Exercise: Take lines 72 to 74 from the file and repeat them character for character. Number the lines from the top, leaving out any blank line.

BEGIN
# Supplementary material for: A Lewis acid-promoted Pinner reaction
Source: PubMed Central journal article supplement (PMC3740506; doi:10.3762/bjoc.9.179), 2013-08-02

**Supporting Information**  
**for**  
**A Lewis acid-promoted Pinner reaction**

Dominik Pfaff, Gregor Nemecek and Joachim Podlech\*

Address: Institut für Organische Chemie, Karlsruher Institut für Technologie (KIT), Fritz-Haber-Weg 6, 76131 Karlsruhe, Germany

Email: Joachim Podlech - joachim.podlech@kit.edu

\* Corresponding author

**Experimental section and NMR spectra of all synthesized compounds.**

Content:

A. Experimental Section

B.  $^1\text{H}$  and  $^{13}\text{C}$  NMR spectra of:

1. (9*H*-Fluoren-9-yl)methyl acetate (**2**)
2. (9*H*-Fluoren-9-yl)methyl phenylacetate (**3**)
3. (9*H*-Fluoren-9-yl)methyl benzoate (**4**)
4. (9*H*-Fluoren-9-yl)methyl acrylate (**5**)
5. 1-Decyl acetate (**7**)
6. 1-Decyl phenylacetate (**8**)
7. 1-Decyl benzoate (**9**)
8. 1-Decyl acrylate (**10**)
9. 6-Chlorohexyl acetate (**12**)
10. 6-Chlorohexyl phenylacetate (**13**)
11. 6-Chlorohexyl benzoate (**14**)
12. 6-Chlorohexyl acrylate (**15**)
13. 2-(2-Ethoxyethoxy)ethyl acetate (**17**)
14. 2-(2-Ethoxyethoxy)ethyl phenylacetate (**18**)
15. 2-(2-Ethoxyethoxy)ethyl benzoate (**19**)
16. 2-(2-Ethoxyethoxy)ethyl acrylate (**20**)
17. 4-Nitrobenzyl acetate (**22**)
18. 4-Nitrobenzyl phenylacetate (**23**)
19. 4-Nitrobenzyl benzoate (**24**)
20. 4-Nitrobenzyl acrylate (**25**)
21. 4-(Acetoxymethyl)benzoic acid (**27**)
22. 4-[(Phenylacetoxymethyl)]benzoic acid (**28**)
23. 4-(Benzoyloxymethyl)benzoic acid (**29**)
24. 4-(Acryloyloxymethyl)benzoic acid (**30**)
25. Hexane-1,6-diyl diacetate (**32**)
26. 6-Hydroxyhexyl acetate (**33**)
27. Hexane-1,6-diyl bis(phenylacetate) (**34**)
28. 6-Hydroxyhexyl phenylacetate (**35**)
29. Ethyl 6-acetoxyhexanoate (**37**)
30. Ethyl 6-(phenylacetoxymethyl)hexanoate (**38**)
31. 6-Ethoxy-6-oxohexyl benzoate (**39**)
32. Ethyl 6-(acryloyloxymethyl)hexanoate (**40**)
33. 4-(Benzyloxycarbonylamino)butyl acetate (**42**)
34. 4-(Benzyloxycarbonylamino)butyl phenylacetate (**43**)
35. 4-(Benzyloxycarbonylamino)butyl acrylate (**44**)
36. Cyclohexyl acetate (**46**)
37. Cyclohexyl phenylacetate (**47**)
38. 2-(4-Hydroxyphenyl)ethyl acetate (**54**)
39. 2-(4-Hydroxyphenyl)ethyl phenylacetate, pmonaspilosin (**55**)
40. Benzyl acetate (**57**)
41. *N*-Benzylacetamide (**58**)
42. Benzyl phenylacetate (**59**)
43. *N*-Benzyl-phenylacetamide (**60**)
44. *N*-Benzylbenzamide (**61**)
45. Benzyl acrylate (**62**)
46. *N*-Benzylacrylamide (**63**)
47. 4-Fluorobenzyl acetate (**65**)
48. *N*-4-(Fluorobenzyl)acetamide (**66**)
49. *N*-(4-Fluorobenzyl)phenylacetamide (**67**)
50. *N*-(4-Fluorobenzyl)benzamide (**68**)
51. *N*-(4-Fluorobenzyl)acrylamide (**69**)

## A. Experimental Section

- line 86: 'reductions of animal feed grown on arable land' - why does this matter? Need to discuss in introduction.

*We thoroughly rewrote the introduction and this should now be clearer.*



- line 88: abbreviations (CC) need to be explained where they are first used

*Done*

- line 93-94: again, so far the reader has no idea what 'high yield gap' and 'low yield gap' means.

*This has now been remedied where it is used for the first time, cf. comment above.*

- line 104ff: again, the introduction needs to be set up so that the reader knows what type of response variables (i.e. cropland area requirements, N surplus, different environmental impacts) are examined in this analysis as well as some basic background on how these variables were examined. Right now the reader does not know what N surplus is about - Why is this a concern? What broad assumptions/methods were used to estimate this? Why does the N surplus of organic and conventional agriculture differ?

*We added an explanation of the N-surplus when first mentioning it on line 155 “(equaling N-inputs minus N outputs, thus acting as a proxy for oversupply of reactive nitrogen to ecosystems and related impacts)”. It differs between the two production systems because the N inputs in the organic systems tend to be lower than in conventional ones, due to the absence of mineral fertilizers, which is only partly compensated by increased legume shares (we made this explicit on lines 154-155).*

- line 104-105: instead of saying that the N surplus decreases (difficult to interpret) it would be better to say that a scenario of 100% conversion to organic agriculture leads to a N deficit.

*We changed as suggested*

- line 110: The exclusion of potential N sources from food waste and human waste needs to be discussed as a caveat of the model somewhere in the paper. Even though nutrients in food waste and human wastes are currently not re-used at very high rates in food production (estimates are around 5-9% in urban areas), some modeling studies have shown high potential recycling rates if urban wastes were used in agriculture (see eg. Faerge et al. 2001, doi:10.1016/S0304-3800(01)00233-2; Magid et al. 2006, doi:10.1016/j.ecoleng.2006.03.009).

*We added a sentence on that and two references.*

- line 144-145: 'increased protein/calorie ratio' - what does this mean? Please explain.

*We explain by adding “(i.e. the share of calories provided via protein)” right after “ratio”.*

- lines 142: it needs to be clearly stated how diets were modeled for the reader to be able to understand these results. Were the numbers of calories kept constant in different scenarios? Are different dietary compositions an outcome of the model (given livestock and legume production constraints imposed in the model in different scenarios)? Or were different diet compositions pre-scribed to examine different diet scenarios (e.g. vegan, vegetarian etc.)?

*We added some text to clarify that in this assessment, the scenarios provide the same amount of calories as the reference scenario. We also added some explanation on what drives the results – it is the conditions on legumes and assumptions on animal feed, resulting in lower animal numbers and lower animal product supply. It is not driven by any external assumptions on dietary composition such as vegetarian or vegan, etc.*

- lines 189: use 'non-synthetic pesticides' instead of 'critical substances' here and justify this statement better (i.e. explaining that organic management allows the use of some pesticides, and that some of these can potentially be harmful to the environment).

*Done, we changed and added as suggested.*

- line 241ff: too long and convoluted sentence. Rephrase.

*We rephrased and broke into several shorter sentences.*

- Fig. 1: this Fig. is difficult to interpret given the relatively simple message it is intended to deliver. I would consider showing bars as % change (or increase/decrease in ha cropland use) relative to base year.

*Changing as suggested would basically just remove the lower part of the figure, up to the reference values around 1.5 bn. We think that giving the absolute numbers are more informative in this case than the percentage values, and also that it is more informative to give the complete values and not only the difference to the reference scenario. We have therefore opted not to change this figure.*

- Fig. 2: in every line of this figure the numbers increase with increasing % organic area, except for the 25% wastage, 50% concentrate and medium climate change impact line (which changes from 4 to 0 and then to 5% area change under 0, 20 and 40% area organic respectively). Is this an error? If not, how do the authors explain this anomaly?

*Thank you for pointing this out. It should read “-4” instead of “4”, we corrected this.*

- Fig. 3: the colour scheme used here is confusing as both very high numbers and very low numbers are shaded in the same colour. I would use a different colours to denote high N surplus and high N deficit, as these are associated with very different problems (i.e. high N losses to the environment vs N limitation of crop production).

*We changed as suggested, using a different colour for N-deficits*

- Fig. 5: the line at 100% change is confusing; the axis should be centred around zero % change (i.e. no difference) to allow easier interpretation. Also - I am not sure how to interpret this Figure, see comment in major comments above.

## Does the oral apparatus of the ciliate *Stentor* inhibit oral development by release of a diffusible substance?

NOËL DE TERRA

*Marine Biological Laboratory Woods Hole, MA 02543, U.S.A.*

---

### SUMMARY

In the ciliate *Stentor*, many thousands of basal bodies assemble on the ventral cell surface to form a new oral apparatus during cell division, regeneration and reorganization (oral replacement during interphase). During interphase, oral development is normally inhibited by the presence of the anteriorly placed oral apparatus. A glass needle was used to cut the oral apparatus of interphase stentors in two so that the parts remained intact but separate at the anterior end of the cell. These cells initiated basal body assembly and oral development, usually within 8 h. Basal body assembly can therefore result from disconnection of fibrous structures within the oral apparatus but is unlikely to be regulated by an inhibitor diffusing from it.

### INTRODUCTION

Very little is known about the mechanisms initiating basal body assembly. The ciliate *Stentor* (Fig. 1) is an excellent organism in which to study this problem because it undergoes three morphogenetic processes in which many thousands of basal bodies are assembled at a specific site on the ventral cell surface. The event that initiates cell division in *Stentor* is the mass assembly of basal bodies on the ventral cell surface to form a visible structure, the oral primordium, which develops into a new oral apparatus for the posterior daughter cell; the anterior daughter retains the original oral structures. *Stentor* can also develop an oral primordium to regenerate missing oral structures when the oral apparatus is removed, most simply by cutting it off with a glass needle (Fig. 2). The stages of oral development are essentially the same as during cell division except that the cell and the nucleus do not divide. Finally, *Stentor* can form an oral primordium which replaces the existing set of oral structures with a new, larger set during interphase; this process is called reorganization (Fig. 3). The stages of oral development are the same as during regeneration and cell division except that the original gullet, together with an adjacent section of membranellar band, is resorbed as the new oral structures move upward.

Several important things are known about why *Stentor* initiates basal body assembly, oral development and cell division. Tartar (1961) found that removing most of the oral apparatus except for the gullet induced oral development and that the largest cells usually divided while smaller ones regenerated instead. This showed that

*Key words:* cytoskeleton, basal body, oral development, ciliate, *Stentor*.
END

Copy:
- line 104ff: again, the introduction needs to be set up so that the reader knows what type of response variables (i.e. cropland area requirements, N surplus, different environmental impacts) are examined in this analysis as well as some basic background on how these variables were examined. Right now the reader does not know what N surplus is about - Why is this a concern? What broad assumptions/methods were used to estimate this? Why does the N surplus of organic and conventional agriculture differ?

*We added an explanation of the N-surplus when first mentioning it on line 155 “(equaling N-inputs minus N outputs, thus acting as a proxy for oversupply of reactive nitrogen to ecosystems and related impacts)”. It differs between the two production systems because the N inputs in the organic systems tend to be lower than in conventional ones, due to the absence of mineral fertilizers, which is only partly compensated by increased legume shares (we made this explicit on lines 154-155).*

- line 104-105: instead of saying that the N surplus decreases (difficult to interpret) it would be better to say that a scenario of 100% conversion to organic agriculture leads to a N deficit.